Visual Design: Slides Should Be Simple

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When I learned that I would have a few very special guests attending my visual design lecture this month, I redesigned my lesson plans.  While these lessons aren’t quite Slideshare-ready yet, I would like to share them with you over the next few days.  I promise to debut the new visual design Slideshare presentation before the end of January!

The new lessons focus on teaching my students 7 key rules for effective slide design.  Read rule number one: Slides Are Not Documents and rule number two: Apply The Picture Superiority Effect.  Today, we discuss rule number three:

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Slides should be well designed and serve as visuals as opposed to documents.  Slides should also be simple.  Nancy Duarte refers to slides as “digital scenery,” and this idea will help us to understand the purpose of slides and the needs of our audience.

The idea of simplicity boils down to two major design rules: the three second rule of glance media and the signal to noise ratio.  The three second rule explains that slides are glance media – just like a billboard or an ad in the subway.  An audience needs to be able to glance at the slide, process the message of the slide in three seconds, and direct their attention back to the presenter.

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Since we’ve already made the distinction between a slide and a document, we know that 30-50 words on a slide is not effective.  But just how many words should appear on one slide?

A great rule of thumb is to use the three second rule of glance media.  Include a single main idea on your slide.  Step back and count to three seconds.  Can your audience read and process the message in three seconds?  If so, you’re on the right track word count wise.  But if you’ve spent your entire life treating slides as documents, you might need to work a bit to reduce the text on your slides.

One amazing trick I’ve learned is to just add more slides.  If all of the words you want to use can’t fit the three second rule, create additional slides to hold that information.  As a wise slide designer once taught me, an extra slides costs nothing.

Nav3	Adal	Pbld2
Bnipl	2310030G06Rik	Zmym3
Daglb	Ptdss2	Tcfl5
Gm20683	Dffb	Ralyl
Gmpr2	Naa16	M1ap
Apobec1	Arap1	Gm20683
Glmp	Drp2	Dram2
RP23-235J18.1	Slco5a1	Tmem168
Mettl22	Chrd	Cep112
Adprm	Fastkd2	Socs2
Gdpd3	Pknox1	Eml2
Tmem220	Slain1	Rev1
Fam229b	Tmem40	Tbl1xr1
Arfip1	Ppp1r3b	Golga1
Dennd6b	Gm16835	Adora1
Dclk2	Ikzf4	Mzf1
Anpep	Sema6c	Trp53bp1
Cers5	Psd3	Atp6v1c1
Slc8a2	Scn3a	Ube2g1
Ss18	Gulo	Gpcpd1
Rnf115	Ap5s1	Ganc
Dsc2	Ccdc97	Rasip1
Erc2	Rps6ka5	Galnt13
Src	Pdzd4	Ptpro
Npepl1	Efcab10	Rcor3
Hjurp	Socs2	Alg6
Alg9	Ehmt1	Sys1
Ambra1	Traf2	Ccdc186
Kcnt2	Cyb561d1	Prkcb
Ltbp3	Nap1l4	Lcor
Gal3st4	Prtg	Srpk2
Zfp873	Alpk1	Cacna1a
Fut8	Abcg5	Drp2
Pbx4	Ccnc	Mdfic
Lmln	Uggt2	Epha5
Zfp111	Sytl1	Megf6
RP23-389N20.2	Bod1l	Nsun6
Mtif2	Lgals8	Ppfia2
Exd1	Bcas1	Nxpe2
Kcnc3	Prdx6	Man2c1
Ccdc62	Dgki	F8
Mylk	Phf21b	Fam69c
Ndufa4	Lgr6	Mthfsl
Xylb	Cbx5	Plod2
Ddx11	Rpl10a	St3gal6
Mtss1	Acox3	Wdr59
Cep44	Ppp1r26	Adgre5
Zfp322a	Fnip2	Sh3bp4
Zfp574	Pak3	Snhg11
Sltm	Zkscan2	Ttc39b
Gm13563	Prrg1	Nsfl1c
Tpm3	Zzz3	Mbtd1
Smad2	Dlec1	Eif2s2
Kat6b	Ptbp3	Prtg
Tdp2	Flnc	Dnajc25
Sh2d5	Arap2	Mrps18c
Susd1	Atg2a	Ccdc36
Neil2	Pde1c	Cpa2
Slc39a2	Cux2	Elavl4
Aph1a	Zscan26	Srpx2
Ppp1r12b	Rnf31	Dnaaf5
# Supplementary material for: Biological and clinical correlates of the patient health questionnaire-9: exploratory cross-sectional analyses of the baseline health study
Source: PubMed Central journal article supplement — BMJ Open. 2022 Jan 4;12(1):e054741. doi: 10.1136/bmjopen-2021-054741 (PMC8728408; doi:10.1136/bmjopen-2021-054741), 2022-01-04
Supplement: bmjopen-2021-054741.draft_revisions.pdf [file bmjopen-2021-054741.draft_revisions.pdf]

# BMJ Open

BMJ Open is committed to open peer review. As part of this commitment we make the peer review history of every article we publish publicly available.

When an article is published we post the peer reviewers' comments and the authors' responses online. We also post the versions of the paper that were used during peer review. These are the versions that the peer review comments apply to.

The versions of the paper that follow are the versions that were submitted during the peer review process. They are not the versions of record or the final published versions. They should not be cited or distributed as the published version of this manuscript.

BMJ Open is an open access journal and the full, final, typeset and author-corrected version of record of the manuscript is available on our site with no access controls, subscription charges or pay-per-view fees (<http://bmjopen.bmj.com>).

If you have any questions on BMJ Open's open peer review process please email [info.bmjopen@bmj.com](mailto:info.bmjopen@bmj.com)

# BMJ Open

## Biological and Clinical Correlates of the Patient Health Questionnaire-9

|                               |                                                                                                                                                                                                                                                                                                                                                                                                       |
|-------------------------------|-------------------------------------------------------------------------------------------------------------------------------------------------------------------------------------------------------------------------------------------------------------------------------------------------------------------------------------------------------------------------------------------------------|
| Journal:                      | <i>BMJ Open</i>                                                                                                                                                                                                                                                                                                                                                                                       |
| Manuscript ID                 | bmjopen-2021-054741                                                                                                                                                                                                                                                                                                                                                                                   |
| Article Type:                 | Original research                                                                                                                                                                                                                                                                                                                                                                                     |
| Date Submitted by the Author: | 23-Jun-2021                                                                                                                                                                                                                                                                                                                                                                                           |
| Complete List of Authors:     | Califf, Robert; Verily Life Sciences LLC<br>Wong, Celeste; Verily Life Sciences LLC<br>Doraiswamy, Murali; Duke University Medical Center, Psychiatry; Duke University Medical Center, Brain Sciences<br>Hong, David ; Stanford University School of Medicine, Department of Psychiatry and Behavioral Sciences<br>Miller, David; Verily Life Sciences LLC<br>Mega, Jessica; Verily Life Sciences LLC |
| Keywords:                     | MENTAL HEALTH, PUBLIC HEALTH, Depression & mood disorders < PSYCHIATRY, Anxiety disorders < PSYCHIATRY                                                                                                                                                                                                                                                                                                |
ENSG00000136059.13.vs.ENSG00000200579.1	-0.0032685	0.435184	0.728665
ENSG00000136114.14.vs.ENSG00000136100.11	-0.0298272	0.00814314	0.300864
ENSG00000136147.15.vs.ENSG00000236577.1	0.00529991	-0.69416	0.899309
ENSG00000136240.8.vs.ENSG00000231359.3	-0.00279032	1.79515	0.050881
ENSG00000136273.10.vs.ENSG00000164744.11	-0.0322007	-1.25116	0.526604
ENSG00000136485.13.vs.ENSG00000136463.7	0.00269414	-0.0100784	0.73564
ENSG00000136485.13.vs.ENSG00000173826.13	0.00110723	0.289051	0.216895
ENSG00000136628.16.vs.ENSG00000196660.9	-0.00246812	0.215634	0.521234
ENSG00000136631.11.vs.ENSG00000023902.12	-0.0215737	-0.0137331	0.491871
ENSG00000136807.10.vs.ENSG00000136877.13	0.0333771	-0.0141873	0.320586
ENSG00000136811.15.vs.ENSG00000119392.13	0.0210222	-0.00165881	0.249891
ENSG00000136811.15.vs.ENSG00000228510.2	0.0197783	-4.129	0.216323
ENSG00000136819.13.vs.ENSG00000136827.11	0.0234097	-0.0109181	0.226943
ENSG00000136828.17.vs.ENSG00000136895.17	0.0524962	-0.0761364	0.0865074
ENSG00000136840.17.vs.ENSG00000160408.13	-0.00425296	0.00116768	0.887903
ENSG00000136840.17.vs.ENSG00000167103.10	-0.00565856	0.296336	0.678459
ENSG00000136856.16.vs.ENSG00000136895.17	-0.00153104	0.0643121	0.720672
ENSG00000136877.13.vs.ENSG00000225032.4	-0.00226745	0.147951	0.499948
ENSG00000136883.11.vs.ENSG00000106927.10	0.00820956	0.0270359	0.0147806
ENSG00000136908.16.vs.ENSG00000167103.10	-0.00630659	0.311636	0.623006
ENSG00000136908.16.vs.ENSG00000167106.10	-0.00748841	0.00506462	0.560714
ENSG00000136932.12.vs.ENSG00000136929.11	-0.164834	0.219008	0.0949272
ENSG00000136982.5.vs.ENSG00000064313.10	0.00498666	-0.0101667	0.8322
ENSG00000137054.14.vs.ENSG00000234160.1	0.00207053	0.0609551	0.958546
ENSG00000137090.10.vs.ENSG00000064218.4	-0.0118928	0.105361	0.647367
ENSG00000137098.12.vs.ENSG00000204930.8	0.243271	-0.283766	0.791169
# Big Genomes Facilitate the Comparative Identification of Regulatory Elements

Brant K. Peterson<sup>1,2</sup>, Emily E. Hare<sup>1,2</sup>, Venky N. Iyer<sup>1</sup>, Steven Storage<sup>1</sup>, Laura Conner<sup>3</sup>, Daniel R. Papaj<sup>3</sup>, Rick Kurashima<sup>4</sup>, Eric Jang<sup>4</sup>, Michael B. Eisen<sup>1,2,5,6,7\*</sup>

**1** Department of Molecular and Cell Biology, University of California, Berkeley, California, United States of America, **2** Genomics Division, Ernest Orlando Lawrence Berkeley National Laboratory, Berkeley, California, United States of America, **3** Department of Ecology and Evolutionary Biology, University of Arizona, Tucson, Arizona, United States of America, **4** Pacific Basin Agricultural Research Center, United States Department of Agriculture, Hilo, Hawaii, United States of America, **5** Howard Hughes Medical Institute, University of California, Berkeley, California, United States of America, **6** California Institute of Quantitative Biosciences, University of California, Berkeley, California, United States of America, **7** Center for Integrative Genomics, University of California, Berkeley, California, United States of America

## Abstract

Your ultimate goal is to include one main idea per slide.  To get there, make sure that main idea is digestible within three seconds.

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While you’re thinking about text on a slide, it’s important to determine what kind and how many fonts to use.  Simple typefaces are key, and I only use free, Commercially licensed fonts.  A great website to download fonts is Font Squirrel.  The fonts I’ve used for my slides in this post come from Font Squirrel: League Gothic (all caps) and Blackjack.  My general rule of thumb is to use one font consistently on every single slide.  This helps with the unity and flow of the presentation.  However, it’s also nice to have one highlighting font just in case you want to make certain words stand out.  The experts agree on limiting yourself to two fonts on a slide or in a slideshow:

Garr Reynolds says, “Use the same font set throughout your entire slide presentation, and use no more than two complementary fonts” (Source).

Nancy Duarte says, “It is best to combine no more than two fonts per presentation” (Source).

Ethos3 says, “We understand the need for more than one [font], but if you find yourself using three or more, you may be flirting with a readability disaster” (Source).

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The picture superiority effect teaches us that a large, clear image is key to a successful slide because people remember pictures more than words.  We already know how to search for and select effective images, but how do we know how many images to include on one slide?

Slides should be simple, and one main idea per slide reinforces that simplicity.  When you are designing a slideshow, pair a bit of text with a strong image.  However, one main idea per slide doesn’t necessarily mean one IMAGE per slide.

If you have multiple images that communicate the same main idea, arrange those images using a grid.  Remember to arrange images in a clean, seamless fashion… Do not stack images on top of one another.  Think about your slide as a puzzle where all the pieces must fit together neatly.  In Keynote, using the “Shapes” tool can help you with this task.  Chiara Ojeda shows you how to arrange multiple images on one slide in a clean, simple way in “Build Your Presentation Design Muscle.”  Check out the “Eat Fresh” slide: multiple images, one main idea.

The three second rule of glance media combined with the one main idea per slide rule will help you to determine if you have too many images on one slide.  Since an extra slide costs you nothing, you can always divide your images onto multiple slides.  A deck doesn’t have to include 10 slides… You may need 20, 30, or even 60 to get your message across clearly!

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None!  I tell my students they should not use animation on their slides without my permission.  Animation should be simple, elegant, and natural.  Most animation, whether it is a transition between slides or animation of elements on a slide, is tacky and hideous.

If I see animation on a student’s slide, I ask, “What is the purpose of your animation?”  Usually, the answer is, “Because it looks cool!” or “Because I want to grab my audience’s attention!”  You shouldn’t rely on your slides to keep your audience engaged.  That’s why we work to build strong content.  If your flames transition is the only thing keeping people engaged, your content and delivery must be terrible.  Instead of gross animation, just add an extra slide and “build” in additional elements that way.

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